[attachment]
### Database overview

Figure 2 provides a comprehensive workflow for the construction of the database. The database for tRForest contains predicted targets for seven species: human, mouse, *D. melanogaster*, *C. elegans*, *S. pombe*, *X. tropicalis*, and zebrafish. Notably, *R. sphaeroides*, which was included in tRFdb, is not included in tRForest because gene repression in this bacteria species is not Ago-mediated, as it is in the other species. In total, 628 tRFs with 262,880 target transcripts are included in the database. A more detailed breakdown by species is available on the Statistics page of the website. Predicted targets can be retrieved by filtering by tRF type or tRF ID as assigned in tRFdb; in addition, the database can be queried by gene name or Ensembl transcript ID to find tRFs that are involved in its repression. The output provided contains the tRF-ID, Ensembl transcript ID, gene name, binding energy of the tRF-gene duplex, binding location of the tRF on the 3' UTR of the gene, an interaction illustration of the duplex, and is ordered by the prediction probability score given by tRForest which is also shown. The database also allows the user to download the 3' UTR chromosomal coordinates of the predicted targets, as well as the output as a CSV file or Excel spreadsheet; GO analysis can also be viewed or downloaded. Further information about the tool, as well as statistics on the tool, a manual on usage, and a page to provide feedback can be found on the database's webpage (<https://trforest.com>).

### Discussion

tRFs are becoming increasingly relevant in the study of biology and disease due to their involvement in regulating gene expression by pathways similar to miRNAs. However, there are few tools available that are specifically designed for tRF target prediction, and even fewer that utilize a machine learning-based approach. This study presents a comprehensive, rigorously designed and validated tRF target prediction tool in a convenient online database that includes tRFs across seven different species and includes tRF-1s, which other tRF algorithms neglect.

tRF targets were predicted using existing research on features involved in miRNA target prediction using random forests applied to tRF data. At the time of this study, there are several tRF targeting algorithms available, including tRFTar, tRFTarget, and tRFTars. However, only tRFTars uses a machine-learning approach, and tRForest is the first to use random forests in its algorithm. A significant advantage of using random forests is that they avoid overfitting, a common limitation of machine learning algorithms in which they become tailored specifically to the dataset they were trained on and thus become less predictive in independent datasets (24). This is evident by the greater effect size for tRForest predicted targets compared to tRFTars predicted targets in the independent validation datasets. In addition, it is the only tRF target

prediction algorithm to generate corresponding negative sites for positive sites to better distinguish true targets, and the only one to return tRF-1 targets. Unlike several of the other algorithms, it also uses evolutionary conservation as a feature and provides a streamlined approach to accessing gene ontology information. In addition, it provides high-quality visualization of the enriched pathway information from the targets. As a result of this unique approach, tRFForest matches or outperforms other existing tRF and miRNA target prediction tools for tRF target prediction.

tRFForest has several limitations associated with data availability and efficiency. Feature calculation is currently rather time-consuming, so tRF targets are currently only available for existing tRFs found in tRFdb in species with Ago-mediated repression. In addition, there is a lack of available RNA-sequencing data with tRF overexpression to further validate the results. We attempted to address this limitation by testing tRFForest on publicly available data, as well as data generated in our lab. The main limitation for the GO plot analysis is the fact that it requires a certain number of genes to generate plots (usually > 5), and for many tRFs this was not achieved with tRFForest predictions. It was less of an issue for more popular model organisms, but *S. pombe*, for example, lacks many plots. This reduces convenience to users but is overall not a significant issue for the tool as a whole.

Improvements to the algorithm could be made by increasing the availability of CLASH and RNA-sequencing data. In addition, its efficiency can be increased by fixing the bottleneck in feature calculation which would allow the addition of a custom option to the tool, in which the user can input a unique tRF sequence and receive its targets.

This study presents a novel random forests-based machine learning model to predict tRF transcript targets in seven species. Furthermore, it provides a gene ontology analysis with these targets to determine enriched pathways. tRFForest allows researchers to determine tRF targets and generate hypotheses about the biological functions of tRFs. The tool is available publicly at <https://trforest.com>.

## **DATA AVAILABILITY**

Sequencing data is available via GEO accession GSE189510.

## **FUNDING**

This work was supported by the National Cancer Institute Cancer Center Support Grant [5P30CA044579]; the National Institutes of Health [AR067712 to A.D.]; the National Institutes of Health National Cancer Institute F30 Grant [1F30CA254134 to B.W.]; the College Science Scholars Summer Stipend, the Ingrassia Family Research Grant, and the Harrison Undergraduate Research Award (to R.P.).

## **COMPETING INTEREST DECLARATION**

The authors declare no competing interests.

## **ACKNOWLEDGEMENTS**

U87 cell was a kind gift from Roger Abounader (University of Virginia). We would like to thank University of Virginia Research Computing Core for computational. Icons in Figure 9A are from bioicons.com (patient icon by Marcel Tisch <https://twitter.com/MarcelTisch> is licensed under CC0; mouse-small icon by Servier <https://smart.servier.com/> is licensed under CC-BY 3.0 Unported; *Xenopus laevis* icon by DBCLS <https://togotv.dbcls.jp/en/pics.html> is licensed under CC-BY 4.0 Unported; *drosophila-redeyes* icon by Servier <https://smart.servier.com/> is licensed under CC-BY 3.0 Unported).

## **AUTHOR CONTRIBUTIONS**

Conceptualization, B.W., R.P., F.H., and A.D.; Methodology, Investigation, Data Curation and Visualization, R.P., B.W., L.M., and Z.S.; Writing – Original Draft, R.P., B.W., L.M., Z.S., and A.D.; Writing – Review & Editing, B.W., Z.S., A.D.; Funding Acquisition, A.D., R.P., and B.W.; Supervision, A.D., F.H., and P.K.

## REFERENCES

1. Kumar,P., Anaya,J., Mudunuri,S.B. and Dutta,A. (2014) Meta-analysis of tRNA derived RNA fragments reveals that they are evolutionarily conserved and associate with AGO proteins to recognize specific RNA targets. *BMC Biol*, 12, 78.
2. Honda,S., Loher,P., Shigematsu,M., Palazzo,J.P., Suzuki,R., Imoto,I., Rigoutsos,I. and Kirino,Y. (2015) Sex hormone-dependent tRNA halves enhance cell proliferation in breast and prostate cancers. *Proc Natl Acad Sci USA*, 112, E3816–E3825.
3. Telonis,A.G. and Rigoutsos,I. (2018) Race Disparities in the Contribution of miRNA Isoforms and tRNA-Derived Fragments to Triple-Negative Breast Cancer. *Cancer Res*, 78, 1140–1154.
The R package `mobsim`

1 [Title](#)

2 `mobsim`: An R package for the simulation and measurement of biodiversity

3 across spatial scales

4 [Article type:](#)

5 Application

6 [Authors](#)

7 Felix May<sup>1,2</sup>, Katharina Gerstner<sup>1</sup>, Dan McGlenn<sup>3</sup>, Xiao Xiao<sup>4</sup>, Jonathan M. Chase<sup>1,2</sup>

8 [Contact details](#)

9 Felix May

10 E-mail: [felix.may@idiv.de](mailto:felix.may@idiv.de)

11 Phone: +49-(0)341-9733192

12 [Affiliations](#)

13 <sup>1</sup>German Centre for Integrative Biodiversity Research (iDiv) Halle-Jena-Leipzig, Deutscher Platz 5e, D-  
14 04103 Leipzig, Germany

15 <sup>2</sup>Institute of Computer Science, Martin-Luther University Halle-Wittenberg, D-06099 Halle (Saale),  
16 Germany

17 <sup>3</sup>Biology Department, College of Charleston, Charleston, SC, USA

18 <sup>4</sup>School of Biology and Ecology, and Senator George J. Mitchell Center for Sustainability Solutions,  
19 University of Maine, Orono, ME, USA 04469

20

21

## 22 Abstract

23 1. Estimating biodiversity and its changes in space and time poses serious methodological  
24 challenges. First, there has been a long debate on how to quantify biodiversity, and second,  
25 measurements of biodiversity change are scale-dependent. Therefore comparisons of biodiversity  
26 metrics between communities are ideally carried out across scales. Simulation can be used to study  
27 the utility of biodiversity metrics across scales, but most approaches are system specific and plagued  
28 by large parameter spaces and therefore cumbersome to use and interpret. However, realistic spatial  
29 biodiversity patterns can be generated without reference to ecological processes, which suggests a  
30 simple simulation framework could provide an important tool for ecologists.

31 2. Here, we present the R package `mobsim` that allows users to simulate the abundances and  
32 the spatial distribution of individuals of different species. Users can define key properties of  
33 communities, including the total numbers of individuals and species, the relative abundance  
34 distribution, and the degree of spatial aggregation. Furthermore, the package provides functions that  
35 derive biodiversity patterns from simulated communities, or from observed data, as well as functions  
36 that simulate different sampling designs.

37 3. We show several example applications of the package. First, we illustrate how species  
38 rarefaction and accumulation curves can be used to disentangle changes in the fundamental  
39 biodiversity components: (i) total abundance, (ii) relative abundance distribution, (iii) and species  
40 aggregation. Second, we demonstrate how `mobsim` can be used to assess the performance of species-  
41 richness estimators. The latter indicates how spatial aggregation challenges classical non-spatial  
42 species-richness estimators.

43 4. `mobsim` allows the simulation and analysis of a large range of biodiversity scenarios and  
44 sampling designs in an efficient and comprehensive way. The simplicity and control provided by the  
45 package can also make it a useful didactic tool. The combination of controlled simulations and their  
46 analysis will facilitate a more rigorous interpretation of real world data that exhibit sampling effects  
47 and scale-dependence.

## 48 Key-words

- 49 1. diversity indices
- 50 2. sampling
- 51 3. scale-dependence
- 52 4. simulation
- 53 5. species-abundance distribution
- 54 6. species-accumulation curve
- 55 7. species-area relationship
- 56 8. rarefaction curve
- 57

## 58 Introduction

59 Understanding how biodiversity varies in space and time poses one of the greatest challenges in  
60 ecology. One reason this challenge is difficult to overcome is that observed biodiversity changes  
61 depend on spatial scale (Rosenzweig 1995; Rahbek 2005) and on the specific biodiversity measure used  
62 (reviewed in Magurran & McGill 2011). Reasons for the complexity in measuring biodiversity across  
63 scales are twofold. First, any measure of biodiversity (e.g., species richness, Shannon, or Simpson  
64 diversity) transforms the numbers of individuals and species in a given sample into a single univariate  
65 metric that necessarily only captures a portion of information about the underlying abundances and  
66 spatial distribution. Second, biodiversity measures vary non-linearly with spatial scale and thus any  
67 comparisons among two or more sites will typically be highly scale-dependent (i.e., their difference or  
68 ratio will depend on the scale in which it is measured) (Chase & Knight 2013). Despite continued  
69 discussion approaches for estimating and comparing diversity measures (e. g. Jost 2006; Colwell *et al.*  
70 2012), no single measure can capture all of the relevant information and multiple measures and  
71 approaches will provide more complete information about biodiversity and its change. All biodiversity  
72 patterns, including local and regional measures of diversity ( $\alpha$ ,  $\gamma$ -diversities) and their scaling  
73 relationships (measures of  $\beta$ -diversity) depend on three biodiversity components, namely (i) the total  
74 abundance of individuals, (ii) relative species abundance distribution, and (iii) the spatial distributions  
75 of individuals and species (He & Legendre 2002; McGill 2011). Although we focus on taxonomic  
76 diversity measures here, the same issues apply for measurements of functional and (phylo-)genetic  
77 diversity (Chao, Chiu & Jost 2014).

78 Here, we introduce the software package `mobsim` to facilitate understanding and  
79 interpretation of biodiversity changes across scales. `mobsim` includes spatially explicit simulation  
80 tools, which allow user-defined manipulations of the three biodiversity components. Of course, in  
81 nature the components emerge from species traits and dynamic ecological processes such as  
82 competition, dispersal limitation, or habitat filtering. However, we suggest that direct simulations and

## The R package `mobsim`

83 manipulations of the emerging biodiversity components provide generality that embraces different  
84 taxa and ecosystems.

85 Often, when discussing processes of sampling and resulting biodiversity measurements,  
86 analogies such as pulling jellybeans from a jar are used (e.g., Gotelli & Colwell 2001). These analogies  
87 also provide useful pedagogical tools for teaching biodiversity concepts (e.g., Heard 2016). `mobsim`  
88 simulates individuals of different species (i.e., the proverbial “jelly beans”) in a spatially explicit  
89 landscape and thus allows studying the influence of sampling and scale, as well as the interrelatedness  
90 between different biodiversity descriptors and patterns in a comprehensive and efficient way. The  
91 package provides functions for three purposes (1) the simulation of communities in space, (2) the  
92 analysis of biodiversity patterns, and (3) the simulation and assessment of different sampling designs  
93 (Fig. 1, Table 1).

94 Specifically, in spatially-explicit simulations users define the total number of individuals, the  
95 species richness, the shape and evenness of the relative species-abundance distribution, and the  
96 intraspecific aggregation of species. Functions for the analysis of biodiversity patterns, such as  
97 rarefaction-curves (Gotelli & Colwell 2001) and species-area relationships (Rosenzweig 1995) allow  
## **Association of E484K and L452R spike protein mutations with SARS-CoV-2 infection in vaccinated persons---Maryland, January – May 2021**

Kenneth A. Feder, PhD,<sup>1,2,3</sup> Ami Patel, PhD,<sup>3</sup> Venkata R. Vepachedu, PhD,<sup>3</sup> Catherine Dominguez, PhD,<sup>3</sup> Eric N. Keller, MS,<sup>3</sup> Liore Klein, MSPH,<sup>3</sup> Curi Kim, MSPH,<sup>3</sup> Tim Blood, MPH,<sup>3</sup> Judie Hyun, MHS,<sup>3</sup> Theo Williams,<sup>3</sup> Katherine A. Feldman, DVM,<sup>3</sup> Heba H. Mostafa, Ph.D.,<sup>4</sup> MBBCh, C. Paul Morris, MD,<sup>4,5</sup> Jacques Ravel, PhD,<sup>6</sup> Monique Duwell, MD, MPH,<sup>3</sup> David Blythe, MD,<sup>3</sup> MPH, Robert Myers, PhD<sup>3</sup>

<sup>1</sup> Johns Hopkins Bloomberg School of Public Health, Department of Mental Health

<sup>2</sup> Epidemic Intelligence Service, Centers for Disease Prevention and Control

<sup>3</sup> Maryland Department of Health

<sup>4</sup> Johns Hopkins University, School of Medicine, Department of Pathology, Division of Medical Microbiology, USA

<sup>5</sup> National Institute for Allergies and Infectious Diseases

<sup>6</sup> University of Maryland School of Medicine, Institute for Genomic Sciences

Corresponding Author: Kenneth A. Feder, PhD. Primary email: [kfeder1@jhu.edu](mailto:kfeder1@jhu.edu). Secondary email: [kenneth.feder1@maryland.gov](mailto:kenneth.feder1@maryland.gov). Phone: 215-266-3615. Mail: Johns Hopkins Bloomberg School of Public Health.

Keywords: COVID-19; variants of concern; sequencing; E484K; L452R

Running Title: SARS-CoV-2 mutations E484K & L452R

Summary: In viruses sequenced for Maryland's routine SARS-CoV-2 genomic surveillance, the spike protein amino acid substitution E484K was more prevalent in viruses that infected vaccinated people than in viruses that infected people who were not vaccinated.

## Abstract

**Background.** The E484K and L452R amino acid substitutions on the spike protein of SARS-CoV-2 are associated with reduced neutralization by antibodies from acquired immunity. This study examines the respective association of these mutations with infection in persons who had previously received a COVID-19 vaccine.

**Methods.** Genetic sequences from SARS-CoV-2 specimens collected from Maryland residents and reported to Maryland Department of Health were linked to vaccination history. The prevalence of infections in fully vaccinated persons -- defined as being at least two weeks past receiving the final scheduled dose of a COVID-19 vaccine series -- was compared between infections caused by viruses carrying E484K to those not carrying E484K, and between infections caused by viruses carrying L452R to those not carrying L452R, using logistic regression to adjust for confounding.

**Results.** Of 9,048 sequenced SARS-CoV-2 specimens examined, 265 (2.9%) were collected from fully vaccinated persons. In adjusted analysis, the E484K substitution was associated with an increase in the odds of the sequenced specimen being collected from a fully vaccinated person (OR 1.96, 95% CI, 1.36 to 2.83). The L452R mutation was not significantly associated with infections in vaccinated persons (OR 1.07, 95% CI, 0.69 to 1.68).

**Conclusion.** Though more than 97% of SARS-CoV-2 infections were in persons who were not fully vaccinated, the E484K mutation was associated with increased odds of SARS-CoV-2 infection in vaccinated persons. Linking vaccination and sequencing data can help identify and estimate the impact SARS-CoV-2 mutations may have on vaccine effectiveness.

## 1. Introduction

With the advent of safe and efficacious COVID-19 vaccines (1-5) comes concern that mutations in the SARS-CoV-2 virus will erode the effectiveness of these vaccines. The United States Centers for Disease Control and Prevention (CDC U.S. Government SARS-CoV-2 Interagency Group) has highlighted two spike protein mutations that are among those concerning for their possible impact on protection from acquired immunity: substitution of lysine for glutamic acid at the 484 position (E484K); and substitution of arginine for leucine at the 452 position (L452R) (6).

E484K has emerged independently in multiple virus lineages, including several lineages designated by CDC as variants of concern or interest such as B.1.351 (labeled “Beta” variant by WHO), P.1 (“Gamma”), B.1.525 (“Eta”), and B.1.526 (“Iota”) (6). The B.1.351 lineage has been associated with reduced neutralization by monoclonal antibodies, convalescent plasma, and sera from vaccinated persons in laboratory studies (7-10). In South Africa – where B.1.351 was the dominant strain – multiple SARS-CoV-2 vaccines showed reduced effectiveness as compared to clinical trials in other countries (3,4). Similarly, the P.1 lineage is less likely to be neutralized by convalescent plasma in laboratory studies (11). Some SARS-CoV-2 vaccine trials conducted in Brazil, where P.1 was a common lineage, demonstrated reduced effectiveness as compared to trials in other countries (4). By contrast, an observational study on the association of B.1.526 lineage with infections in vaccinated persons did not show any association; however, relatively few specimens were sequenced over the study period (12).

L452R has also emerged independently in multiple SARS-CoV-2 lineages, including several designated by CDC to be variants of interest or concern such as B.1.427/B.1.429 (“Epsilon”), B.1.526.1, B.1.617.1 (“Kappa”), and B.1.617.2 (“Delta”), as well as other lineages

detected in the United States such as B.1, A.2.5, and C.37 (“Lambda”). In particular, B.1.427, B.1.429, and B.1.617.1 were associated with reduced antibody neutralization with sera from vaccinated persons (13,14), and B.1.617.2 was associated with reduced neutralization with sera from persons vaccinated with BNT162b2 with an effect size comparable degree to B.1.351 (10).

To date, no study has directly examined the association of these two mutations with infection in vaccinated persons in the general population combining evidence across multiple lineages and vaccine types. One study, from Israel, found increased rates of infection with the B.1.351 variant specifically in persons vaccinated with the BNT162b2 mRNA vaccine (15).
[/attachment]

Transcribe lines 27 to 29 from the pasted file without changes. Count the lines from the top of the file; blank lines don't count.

3 across spatial scales

4 [Article type:](#)

5 Application